Christine Carlson, director of Totah Behavioral Health Authority, said both services have seen about the same number of people this year as they did last year, which she said doesn’t necessarily mean there aren’t more people who need help, just that more people without stable living situations might be staying temporarily at friends’ or family members’ houses, or sleeping in cars and other vehicles.
“I think we are going to see an increase in homelessness with the unemployment numbers,” Carlson said.
Using data from the U.S. Census Bureau, STOUT, an investment banking and advisory firm, estimates that 50,000 to 105,000 renters across New Mexico are at risk of being evicted from their homes. A nationwide survey done by the Center on Budget and Policy Priorities found that 14.3 million renters across the country are behind on their rent.
Even though the CDC issued a nationwide eviction moratorium, and the state of New Mexico’s Supreme Court issued a complementary eviction moratorium, both have their problems.
The CDC moratorium was set to expire Dec. 31, but Congress extended the moratorium until Jan. 31, in a new stimulus package that Congress passed late in the night Dec. 21. However, President Donald Trump has asked Congress to rework the bill to increase individual stimulus checks from $600 to $2,000.
The stimulus package also includes $25 billion in rental assistance through the Coronavirus Relief Fund. The state Supreme Court’s moratorium includes a loophole that gives landlords the ability to evict tenants whose lease has expired. Carlson mentioned the eventual end of those eviction protections as a triggering point for an increase in evictions.
Both Carlson and Lobato said San Juan County is supportive of their services, but the county lacks comprehensive services for people with behavioral, mental health and substance abuse issues, something the county itself concluded in 2019 in a report titled “San Juan County 2019 Behavioral Health Gap Analysis.”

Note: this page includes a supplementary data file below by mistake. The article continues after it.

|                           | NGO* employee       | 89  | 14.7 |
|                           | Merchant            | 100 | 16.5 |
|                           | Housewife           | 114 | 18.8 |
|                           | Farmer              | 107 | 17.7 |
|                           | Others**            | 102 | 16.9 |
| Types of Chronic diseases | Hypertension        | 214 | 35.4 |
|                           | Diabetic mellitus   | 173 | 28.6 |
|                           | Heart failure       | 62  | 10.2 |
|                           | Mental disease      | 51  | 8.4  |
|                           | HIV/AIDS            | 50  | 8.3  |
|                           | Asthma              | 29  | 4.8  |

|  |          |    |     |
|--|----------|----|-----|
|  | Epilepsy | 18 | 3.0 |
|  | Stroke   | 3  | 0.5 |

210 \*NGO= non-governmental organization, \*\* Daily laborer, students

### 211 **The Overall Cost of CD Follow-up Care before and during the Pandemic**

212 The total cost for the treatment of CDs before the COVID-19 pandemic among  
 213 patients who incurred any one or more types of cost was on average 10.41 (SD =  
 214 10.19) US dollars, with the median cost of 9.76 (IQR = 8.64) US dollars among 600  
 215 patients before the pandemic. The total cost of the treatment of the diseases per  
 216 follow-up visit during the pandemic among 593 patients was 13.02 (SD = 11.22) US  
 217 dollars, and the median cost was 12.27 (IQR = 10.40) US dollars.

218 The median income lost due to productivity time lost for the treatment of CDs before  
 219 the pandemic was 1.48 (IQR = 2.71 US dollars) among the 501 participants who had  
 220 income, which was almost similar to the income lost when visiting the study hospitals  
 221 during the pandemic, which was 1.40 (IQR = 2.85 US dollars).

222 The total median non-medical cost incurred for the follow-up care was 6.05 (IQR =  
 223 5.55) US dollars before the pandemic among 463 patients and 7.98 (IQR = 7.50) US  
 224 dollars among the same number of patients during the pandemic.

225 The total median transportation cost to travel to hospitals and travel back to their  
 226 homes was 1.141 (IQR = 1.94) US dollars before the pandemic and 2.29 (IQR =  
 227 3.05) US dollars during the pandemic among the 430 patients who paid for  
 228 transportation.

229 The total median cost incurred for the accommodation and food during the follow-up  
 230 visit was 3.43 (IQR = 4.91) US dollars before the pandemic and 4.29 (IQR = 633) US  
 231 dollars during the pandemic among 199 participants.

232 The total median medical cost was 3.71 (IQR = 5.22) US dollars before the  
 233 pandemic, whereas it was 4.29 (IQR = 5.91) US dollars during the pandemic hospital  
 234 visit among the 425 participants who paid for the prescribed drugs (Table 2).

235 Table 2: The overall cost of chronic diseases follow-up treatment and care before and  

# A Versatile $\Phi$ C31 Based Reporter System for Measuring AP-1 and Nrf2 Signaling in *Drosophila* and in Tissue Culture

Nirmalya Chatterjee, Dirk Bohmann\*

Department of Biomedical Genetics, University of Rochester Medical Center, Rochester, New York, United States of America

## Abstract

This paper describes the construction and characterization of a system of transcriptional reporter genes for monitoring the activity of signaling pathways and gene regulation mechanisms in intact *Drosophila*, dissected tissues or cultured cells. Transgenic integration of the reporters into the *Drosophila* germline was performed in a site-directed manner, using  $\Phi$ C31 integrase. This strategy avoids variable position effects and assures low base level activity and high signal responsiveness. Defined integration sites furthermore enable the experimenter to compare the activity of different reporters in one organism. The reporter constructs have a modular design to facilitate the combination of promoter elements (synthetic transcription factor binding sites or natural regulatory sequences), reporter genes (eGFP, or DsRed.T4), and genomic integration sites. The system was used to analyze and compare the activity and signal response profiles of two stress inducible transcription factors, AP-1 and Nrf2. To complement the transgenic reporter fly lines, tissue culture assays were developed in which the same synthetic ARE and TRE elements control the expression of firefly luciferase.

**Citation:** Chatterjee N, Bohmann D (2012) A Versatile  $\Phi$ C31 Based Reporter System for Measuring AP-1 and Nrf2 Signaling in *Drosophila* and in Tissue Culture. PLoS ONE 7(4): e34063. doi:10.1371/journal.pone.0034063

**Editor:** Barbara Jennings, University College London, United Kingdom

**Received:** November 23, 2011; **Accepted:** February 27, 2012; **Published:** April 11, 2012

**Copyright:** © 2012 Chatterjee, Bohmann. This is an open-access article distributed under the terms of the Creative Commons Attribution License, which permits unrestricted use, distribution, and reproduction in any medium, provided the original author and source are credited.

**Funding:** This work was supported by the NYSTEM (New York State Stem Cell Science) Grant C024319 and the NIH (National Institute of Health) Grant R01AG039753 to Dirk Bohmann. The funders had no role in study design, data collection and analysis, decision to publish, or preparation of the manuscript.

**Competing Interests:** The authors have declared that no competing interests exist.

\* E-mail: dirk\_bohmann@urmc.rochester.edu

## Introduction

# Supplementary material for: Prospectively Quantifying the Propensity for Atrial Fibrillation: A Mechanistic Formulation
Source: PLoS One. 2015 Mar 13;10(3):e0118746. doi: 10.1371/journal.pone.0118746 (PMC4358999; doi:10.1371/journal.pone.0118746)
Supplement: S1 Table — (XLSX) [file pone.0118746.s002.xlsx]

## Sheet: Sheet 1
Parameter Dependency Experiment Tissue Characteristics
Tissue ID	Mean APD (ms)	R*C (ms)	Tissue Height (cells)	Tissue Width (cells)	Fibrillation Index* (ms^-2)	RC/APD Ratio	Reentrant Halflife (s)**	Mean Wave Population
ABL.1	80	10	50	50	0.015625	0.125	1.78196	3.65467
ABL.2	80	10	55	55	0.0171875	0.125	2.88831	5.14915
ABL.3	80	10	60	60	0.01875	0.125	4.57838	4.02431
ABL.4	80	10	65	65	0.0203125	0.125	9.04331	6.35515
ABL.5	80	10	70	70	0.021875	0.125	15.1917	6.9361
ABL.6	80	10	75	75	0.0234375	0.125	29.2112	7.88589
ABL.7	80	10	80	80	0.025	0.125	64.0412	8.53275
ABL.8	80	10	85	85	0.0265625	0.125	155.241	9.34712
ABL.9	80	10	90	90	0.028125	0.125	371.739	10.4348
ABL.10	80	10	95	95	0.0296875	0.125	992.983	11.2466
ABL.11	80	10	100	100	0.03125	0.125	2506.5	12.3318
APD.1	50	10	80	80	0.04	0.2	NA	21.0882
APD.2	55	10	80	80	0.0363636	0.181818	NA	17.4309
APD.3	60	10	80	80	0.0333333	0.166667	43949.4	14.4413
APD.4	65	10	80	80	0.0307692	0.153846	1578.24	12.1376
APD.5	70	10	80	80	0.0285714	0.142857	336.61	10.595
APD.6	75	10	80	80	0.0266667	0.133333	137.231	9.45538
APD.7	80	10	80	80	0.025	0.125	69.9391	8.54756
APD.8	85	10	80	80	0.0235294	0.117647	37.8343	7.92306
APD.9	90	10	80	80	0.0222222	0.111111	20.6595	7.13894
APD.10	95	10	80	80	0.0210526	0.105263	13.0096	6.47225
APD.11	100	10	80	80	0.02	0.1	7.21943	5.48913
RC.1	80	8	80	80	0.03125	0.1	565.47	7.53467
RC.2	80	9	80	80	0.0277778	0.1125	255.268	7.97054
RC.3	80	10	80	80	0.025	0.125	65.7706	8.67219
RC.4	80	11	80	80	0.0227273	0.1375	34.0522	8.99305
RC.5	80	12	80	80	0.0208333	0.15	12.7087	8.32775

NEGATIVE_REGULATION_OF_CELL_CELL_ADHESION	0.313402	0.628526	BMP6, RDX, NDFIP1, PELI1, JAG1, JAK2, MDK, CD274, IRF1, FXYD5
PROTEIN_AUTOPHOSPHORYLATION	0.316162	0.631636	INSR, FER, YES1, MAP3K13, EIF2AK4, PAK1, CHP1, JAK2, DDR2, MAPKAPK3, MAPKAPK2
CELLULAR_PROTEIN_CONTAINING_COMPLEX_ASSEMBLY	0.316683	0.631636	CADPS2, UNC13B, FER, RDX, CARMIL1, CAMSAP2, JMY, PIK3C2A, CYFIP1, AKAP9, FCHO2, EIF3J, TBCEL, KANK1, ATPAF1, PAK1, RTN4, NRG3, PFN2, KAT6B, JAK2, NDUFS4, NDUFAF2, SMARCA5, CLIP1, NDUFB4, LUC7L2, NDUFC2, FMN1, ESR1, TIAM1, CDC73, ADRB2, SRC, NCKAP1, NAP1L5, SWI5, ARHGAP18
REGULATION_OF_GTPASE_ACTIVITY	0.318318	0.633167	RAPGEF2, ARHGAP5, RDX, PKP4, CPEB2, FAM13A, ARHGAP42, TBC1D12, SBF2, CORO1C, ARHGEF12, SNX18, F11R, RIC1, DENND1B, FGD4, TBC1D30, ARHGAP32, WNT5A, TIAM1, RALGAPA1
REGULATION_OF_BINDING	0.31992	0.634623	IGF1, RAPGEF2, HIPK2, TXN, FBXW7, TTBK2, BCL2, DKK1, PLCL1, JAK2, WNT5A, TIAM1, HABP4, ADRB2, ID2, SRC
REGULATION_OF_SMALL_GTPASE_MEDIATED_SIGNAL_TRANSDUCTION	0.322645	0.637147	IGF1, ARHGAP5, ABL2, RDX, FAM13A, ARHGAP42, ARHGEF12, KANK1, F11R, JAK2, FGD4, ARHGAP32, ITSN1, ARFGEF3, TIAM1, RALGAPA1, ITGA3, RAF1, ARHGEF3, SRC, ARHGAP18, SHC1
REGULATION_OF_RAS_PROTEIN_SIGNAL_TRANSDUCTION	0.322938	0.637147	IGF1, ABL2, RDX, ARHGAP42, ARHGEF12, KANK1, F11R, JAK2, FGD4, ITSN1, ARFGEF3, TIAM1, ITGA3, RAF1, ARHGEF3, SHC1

The report concluded that not only is there a lack of treatment and service capacity in the county for behavioral and psychiatric health needs, especially for children and adolescents, but there’s a lack of affordable housing in the county, and a “limited understanding of social determinants of health, such as housing,” which contributes to people stigmatizing those experiencing homelessness, alcoholism or behavioral issues and either ignoring them or dismissing their situations as personal behavioral flaws.
Both Ambro and Barney said they experience that stigmatization. Both described Farmington as hostile toward people experiencing homelessness.
“People don’t like us around here. They treat us rough,” Barney said.
“They don’t like us here,” Ambro added, “Durango, they care about people over there.”
Ambro described Durango as not only having more shelter space, but also as a place where people are kinder and more empathetic to unhoused people.
Both Carlson and Lobato said they know people in Farmington are largely supportive of the work they do, but they would like to see those sometimes hostile attitudes toward people in need transform into an attitude of understanding and willingness to help implement change.
“Often, people refer to them as ‘the street inebriates’ which is very derogatory. Everyone who comes into the facility has a family,” Carlson said, “We really try to help people see the homeless as human beings. There’s a perception that people who come into the facility are loners, when in reality, most of them have families.”
“It helps to have a more stable and prosperous community if people in the community are sheltered, housed, employed, sober, living lives that are more full and meaningful,” Lobato said, “Being able to house more people in the community, and to have them have a full and meaningful life, that helps the whole world.”